Writer: James McDermott
Director: Rob Ellis
In a very literal sense, James McDermott’s new comedy, premiering here, is an end-of-the-pier show. Its setting is May’s Caff, realised in Caitlin Abbott’s carefully detailed set design with bright colours and plastic gingham table cloths. The caff stands on Cromer pier on the Norfolk coast and the writer uses this location as a springboard to question life’s values with gentle humour and explore the dividing lines that separate platonic friendships and something more.
May is in her 50s, unmarried and, like the play’s title, she waits for no man, planning instead to move in with a divorced woman at her home down the coast in Suffolk. She is devoted to Bette Davis and may (or may not) have been a dancer when younger, but Wendy Nottingham puts a spring in her step anyway. She behaves as if a surrogate mother to the two 18-year-old waiters, Nemo and Daz, and fends off the amorous advances of the bread delivery man, Ken. The “For Sale” signs are up over the caff, so the and of an era is nearing.
“Norfolk’s a great place to grow up, it’s a great place to end up, but the bit in the middle – life – no” May tells Nemo, urging him to take up a drama course in London, with a view to becoming “the next Judi Dench”. McDermott writes sensitively about the conflicts between moving on to pastures new and staying at home with friends, family and familiar surroundings. In part, the play is an homage to a dying part of England, one that is being swept away by a tide of globalisation, but it finds parallels on a more intimate level by delving into its characters’ torn affections as they face up to personal change.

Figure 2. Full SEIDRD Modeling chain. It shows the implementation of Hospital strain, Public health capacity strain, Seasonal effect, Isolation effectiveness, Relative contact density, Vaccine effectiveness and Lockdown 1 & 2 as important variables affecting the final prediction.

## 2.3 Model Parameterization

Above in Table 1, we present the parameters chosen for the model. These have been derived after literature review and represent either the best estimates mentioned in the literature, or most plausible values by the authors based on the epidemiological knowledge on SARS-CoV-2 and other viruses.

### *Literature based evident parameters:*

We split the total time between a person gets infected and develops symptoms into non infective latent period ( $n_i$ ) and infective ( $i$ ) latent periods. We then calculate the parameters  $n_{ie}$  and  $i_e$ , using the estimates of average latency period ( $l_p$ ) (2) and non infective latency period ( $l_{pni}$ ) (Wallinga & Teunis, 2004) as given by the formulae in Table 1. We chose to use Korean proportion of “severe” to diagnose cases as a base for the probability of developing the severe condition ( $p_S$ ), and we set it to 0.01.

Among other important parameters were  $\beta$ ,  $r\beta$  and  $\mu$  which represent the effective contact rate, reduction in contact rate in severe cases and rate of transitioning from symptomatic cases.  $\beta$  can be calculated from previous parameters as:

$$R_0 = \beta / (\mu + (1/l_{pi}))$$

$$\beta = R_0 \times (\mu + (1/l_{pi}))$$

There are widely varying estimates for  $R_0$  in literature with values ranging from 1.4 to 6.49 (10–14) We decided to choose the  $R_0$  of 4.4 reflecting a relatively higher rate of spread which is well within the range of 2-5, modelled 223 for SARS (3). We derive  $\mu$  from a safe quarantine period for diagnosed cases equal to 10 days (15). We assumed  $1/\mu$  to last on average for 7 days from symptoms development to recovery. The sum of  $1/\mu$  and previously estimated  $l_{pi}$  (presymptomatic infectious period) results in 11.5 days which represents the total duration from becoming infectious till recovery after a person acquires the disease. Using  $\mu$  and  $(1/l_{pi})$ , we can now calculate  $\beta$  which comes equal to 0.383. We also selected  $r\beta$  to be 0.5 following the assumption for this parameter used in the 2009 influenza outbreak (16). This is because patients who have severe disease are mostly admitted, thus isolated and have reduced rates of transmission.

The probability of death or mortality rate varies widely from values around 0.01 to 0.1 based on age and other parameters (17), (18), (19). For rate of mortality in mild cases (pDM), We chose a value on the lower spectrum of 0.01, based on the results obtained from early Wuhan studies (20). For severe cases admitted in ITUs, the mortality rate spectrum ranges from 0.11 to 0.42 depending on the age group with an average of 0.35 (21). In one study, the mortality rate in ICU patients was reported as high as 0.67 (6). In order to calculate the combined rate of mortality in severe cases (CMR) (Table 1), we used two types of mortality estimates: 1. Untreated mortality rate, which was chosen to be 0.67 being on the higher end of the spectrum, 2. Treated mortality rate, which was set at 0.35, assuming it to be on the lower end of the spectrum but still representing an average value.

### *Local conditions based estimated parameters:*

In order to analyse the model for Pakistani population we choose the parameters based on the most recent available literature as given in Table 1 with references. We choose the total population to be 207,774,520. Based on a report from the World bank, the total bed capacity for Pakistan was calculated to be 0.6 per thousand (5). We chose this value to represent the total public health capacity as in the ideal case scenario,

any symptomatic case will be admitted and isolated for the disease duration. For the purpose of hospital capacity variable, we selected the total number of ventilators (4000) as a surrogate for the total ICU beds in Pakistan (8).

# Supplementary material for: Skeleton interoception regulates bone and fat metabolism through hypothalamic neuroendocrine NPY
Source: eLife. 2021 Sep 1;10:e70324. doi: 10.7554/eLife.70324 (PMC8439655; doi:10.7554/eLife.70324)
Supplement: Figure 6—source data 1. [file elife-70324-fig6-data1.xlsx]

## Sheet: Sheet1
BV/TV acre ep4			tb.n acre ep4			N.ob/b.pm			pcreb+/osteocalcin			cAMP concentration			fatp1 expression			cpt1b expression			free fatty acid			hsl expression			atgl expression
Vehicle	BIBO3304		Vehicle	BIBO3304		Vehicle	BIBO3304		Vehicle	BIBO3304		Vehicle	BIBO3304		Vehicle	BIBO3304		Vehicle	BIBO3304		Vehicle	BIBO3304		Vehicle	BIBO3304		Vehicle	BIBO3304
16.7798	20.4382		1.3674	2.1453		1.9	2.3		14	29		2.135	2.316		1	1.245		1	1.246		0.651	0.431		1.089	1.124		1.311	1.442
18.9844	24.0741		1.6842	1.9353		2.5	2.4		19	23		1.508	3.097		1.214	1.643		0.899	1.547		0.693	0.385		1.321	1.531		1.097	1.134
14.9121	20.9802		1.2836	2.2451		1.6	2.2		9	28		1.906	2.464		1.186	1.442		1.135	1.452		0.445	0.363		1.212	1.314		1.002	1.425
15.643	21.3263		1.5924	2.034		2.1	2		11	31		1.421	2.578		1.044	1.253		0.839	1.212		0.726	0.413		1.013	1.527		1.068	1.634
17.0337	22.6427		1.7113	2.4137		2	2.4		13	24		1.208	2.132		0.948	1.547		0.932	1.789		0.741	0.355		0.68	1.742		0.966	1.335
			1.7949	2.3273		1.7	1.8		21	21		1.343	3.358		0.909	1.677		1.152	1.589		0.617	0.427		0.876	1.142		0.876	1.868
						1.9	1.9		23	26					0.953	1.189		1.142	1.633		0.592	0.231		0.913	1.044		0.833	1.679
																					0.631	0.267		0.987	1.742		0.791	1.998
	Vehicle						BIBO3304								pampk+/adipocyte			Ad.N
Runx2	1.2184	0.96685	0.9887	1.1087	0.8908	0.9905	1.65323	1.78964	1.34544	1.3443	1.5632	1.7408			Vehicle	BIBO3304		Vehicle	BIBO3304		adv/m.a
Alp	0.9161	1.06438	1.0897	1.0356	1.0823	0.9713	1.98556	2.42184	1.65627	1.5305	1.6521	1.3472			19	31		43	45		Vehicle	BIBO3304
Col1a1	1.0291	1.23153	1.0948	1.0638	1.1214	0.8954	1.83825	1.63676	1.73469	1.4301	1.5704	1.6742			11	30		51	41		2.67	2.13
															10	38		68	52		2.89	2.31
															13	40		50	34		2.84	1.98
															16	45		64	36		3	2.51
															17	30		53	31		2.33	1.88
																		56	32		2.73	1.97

The relationship between Nottingham’s caring and protective May and Josh Barrow’s clumsy and diffident Nemo gives the play its warm heart. Nemo is openly gay and wears his emotions on his sleeve, having been deeply hurt by his closest friend Daz’s failure to turn up at his leaving party. Elliot Liburd gives Daz a cocky swagger as he boasts about his female conquests, but then reveals his inner torment at struggling to come to terms with his real sexuality and his feelings for Nemo.
Ken, played with true gusto by Paul Easom, is an archetypal grumpy old man, complaining constantly about how the world is changing for the worse and believing that there is nothing better than watching an episode of Diagnosis Murder. His specific gripe is how May’s and other caffs on his round are being taken over by the likes of “Pret A Manager”, thereby destroying traditional lifestyles in places like Cromer. Change in the name of progress seems inexorable, but the play asks whether this needs to be the case.
The leisurely pace of director Rob Ellis’s production varies subtly to reflect mood swings between pathos and humour, always allowing four fine performances to flourish. This may seem like a small play about small things, but it is touching, truthful, funny and well worth spending time on.
Runs until 29 February 2020